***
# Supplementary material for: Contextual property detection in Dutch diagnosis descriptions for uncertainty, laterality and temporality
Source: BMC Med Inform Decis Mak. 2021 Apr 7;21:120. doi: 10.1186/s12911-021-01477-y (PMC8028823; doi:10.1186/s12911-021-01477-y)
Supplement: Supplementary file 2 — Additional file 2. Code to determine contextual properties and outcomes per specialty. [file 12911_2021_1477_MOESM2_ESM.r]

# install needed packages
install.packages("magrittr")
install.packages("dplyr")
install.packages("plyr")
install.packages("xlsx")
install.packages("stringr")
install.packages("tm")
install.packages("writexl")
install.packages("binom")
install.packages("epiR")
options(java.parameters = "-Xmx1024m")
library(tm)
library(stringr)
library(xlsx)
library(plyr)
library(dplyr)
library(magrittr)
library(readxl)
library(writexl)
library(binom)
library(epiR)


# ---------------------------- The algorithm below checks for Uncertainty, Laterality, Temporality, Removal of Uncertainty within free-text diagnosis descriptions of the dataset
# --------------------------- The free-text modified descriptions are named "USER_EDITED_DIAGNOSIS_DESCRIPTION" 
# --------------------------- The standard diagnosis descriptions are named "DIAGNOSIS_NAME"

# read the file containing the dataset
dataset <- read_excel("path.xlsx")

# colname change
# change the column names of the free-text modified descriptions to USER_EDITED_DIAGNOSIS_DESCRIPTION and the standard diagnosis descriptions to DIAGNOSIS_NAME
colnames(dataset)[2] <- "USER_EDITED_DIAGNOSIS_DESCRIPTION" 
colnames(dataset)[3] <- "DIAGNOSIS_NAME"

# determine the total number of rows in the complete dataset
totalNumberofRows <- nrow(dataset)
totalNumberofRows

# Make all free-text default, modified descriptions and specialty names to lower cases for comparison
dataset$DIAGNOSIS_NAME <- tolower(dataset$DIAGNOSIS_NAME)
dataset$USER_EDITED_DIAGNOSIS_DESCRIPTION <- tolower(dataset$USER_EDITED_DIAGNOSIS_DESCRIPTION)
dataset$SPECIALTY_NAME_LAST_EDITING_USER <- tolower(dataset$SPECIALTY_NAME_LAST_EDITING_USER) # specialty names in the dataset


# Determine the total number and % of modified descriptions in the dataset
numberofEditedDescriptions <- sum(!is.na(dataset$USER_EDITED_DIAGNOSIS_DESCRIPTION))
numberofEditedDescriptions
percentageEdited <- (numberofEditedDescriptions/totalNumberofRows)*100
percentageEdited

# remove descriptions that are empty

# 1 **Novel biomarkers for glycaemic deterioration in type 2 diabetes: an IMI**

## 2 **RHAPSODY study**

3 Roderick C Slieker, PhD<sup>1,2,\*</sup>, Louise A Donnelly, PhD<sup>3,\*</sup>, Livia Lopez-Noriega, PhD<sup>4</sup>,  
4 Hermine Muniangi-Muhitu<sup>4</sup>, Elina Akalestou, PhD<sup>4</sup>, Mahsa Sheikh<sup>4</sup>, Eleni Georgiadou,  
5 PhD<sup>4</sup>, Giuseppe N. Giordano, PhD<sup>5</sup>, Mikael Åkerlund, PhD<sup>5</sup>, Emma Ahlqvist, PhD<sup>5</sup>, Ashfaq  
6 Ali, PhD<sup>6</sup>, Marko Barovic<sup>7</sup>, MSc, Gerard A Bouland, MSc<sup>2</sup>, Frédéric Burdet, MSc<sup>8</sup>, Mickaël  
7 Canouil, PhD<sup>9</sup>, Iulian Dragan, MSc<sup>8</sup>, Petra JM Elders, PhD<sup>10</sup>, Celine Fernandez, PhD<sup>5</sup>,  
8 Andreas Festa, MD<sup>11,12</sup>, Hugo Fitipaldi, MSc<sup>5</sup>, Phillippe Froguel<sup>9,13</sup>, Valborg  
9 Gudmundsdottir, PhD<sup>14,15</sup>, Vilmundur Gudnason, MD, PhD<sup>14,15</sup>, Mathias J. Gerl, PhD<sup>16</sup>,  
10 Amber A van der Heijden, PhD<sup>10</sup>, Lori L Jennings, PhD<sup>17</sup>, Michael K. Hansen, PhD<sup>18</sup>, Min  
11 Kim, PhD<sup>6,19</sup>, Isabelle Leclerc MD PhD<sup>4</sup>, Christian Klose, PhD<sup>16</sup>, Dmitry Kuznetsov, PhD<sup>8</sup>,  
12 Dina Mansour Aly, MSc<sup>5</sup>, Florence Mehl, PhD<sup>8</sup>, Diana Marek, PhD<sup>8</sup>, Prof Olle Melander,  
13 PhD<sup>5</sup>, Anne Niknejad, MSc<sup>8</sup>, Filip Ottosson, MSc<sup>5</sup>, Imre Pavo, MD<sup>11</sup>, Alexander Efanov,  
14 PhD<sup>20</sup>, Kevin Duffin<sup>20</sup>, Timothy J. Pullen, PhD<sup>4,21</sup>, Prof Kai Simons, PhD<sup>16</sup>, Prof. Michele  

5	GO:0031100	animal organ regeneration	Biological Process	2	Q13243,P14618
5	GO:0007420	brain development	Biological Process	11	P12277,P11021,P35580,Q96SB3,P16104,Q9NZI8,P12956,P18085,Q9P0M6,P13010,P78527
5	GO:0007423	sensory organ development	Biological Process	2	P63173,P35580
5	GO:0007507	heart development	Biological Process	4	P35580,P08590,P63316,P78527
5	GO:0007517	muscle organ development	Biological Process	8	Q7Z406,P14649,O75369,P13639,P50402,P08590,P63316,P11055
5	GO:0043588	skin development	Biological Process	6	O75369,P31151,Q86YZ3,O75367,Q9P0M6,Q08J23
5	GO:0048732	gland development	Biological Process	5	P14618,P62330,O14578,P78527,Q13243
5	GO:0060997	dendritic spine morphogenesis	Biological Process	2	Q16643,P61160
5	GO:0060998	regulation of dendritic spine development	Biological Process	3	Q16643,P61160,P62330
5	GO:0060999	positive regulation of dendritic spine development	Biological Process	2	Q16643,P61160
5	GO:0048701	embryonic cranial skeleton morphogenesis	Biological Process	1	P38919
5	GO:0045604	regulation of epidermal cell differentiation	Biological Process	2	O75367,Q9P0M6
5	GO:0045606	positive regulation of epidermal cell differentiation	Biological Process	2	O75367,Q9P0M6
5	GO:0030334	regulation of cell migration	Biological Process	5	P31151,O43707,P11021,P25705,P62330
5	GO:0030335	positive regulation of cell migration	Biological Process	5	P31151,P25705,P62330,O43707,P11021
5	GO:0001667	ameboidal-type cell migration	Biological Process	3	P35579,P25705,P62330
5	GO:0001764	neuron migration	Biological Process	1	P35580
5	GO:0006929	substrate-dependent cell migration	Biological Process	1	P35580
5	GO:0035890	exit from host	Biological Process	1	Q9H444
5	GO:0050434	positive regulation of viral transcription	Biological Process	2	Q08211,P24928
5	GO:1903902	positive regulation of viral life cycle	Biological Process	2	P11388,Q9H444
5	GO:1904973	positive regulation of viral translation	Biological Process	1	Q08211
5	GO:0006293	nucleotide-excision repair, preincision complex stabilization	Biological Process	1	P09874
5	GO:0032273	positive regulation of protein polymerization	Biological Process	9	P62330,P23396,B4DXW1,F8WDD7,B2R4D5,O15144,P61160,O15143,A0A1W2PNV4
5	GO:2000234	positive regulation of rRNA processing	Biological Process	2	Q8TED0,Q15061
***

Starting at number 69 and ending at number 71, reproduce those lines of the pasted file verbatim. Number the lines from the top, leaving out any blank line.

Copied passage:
5	GO:0060998	regulation of dendritic spine development	Biological Process	3	Q16643,P61160,P62330
5	GO:0060999	positive regulation of dendritic spine development	Biological Process	2	Q16643,P61160
5	GO:0048701	embryonic cranial skeleton morphogenesis	Biological Process	1	P38919